Overstetched Analogies Now Threaten Net Neutrality Arguments

There is a growing danger that network neutrality supporters are going too far in creating analogies to the "treat all apps equally" position. 

For starters, the analogy is being applied on a broader basis in ways that probably are not helpful. Network neutrality, over time, as swept up so many concepts that it is in danger of becoming "anti-consumer" in its application, the opposite of what its supporters intended.

For example, the extension of the concept to sponsored apps, where mobile consumers in many developing nations get access to social media apps such as Facebook, without having to buy a data plan, now is cited as a violation of network neutrality. If so, some of us would say, go ahead and violate at will, because people like and benefit from the practice.

Likewise, there now is an argument, advanced in support of net neutrality concepts, that sees danger in managment of the flow of electricity under conditions of high load. That also is a potential overstep.

Electrical utilities already know what they must do when demand exceeds supply. They cut off access to some, as required, to preserve the integrity of the grid as a whole. That is called a brownout, a planned and rolling disruption of power supply under extreme conditions, to preserve the functioining of the electrical grid as a whole.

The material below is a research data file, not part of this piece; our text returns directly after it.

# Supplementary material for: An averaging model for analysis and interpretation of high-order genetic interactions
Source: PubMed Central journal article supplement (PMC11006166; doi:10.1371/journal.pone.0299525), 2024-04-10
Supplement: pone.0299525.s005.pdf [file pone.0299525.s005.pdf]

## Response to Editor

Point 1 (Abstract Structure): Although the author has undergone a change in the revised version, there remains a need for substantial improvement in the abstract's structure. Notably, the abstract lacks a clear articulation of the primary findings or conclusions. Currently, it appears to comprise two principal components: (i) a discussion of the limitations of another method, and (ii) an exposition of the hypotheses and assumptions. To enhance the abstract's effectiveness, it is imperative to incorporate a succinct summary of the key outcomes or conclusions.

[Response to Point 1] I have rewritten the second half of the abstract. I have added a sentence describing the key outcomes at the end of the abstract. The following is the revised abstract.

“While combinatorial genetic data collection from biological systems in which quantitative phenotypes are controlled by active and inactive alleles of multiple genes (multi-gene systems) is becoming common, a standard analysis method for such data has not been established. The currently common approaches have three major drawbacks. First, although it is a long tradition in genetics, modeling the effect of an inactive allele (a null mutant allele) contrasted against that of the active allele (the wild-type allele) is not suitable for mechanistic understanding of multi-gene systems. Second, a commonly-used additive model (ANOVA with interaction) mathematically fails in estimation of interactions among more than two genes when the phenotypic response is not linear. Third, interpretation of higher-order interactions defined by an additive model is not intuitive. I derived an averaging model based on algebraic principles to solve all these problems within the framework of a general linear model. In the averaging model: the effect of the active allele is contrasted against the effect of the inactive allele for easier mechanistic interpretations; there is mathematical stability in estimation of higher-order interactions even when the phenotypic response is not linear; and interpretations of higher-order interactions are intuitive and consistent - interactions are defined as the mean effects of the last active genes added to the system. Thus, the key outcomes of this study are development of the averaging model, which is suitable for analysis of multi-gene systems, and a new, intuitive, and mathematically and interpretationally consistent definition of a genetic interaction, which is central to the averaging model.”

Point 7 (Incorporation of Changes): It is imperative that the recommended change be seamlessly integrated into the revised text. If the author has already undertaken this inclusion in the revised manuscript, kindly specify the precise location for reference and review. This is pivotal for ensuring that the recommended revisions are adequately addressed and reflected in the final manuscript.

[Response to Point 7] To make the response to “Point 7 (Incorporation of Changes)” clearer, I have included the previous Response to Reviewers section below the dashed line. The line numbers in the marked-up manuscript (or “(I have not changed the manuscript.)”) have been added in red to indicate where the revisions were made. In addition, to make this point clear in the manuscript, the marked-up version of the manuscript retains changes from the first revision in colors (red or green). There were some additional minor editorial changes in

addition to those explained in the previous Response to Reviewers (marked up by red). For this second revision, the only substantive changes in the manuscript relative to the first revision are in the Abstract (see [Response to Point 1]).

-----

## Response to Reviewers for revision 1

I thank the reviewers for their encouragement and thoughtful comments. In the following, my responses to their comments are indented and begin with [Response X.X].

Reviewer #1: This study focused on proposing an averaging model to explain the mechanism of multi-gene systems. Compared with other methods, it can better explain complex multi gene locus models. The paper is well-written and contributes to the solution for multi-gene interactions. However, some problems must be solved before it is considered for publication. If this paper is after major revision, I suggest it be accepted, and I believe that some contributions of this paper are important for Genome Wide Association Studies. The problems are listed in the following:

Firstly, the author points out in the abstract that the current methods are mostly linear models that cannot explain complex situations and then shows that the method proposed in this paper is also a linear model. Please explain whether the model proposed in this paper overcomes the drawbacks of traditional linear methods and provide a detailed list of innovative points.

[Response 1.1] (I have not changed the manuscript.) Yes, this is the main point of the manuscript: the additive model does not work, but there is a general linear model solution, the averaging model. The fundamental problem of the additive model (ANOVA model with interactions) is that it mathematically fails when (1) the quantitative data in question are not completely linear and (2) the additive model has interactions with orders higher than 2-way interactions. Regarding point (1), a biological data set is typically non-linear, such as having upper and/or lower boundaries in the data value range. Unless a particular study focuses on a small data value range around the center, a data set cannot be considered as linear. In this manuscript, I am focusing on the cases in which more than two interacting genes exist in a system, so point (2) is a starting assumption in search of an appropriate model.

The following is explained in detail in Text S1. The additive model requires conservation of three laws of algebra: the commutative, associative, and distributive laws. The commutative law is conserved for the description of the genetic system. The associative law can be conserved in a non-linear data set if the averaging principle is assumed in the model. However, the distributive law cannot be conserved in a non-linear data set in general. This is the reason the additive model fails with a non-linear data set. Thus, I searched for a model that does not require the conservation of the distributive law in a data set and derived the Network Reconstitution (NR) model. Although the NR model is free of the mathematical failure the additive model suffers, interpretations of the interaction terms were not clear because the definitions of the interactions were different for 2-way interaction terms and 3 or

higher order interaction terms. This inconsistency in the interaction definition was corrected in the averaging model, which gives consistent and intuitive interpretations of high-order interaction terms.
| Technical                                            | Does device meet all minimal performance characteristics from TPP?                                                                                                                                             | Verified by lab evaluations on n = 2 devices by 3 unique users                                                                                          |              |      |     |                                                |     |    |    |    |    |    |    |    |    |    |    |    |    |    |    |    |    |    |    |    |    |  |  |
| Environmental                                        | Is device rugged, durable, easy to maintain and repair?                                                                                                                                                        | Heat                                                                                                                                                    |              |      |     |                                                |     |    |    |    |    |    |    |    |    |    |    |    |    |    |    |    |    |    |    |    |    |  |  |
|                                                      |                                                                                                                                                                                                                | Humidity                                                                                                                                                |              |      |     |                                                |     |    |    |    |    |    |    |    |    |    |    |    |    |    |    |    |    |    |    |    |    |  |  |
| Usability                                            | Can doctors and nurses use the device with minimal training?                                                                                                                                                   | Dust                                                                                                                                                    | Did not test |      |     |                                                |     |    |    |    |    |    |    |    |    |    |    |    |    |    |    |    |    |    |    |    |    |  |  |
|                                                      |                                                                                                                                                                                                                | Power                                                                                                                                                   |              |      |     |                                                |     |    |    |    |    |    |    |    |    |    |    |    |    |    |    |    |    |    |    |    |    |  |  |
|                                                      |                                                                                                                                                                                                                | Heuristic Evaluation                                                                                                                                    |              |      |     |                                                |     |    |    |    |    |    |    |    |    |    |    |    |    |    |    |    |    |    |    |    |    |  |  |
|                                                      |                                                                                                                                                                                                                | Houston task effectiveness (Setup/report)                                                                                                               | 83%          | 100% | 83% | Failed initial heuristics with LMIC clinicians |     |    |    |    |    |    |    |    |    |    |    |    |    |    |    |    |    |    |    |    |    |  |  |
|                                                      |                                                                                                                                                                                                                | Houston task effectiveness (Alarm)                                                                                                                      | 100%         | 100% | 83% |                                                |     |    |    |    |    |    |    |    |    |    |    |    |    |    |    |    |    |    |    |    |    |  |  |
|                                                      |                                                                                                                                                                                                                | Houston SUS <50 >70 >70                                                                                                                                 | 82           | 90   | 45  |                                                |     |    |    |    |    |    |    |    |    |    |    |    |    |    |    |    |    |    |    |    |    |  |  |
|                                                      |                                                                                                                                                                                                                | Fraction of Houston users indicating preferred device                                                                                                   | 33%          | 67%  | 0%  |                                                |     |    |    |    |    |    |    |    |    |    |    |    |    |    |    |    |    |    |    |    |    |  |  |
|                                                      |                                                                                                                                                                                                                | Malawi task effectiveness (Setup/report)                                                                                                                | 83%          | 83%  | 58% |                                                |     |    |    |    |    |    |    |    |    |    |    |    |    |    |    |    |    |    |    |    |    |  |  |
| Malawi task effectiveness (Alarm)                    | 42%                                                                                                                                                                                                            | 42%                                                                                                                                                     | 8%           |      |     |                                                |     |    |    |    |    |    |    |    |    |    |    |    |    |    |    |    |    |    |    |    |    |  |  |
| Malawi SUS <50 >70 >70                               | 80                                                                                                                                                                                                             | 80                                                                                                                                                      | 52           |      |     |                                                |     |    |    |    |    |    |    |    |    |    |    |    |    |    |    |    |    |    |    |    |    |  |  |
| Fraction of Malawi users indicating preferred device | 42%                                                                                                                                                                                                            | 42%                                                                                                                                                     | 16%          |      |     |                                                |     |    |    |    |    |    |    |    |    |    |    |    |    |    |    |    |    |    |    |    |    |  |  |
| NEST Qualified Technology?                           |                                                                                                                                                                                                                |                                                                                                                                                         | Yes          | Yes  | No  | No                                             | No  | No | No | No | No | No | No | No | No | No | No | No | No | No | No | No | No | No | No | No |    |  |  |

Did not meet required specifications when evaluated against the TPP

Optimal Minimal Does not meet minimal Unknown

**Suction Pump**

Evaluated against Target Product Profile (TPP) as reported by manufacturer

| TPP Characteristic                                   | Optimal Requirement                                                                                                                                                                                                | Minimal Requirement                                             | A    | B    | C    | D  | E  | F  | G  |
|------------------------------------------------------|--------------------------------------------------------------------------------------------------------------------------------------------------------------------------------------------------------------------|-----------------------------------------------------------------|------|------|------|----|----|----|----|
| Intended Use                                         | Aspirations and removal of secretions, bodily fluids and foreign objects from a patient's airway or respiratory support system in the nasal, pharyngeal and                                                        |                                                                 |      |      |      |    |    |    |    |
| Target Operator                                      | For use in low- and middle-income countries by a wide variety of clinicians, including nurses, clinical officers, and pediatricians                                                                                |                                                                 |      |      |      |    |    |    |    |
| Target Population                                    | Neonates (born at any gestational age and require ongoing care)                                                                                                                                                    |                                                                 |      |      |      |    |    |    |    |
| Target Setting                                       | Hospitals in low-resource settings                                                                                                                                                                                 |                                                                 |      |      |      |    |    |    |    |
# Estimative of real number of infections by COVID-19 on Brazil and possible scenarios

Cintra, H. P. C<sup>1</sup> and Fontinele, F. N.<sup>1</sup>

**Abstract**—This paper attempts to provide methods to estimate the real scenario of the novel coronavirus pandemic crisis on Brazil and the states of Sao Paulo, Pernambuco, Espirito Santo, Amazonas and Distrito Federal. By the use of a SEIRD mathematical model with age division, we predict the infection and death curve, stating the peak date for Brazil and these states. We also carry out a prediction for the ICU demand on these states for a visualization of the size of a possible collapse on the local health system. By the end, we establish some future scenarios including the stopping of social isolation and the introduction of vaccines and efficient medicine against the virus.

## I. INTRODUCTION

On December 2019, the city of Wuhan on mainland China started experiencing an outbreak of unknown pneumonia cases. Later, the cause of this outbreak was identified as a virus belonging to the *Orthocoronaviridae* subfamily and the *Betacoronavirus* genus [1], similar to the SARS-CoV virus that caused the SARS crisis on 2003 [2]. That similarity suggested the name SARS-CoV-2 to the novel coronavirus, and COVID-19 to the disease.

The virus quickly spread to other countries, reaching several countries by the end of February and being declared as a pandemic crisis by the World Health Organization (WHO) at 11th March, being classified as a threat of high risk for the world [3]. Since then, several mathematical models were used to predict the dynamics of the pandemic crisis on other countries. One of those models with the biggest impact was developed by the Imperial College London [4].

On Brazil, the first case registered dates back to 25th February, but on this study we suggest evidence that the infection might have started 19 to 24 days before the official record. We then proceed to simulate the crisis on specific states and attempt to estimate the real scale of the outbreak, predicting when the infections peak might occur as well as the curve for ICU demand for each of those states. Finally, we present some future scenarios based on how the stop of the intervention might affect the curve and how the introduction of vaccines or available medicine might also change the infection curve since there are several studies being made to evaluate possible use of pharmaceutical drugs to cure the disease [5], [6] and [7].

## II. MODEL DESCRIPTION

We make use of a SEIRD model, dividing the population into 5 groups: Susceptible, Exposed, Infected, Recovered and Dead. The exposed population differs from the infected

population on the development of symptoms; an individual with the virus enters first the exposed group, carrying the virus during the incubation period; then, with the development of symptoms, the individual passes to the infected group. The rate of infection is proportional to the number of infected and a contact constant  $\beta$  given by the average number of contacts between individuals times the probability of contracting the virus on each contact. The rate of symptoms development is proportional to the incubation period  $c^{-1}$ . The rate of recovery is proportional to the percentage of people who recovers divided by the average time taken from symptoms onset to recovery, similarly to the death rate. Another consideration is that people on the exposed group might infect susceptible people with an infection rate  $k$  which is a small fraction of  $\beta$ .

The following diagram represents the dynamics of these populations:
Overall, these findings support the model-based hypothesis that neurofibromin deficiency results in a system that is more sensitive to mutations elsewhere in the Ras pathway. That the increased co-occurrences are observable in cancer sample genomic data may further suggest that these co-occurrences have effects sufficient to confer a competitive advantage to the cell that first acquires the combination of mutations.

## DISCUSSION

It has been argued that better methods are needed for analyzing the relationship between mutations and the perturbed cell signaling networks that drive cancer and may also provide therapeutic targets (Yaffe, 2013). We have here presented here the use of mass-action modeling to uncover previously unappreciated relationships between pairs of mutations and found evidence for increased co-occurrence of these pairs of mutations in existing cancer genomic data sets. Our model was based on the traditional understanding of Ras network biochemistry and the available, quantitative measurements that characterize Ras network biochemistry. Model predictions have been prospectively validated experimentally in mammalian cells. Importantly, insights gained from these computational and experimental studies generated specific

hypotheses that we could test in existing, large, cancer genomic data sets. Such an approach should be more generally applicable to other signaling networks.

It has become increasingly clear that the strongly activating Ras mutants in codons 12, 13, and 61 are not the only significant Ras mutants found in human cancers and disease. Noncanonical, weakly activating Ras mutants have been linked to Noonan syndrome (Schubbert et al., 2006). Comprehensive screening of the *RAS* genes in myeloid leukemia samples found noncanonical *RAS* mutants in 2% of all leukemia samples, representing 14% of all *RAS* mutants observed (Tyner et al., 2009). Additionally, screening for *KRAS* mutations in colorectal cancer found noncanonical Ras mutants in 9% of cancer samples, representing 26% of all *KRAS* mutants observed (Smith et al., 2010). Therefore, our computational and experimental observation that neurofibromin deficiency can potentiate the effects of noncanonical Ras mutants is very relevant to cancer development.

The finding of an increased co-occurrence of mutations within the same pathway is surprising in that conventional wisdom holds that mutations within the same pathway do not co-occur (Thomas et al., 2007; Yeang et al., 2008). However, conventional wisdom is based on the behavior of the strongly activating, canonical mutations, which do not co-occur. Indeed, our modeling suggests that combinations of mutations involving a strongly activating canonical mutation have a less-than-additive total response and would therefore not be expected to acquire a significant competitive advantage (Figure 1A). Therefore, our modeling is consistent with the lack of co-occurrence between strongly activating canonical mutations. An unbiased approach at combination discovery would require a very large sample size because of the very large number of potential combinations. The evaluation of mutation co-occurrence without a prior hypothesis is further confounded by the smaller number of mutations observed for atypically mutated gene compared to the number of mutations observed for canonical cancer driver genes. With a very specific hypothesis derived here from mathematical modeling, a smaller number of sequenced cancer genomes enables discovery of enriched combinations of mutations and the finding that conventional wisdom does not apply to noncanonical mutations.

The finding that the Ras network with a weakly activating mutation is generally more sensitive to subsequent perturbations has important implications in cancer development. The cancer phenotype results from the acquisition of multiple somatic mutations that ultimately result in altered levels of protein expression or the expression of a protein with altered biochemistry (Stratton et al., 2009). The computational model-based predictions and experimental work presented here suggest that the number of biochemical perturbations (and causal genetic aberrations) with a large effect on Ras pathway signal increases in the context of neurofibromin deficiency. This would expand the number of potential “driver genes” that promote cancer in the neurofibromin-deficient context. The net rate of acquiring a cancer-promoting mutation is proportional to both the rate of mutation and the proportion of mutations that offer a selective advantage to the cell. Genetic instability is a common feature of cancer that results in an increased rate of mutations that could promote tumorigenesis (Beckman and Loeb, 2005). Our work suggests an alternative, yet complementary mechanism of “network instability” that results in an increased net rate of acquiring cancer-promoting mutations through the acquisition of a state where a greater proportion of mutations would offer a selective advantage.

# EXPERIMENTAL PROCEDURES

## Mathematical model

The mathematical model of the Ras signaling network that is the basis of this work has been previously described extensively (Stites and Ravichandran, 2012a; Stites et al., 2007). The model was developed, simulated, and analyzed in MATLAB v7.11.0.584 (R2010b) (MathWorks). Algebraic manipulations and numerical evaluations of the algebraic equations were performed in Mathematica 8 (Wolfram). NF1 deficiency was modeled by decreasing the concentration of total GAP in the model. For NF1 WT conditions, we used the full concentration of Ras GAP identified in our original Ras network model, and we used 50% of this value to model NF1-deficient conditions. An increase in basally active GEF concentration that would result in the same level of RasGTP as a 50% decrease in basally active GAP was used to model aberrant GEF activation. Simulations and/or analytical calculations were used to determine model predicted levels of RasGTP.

The point is that denying all access, not just to some apps, sometimes is a step a utility supplier must take, under extreme load. Telcos have done the same. When voice circuits became overloaded because of holiday calling, for example, users were denied admission to the network and got a message instructing them that "all circuits are busy now, please try your call later."

Networks have to be managed under conditions of high load. There is an intellectual trap network neutrality supporters are in danger of falling into, namely overplaying the analogy in too many settings, to the point where the value of the original premise is damaged.

Yes, sometimes the flow of electrons to your house could be throttled or blocked, for entirely understandable reasons. Sometimes that is done with your permission, as when you allow temporary shutdown of your air conditioning, in the summer, to help your energy supplier manage load. 

Either way, network managment is valuable and necessary. Allowing the whole network to go down isn't so smart. That's one value of smart grids. 

Blocking or throttling sometimes might be necessary, under conditions of high load. That is different from blocking specific competitive and lawful apps. That is an antitrust issue, though. 

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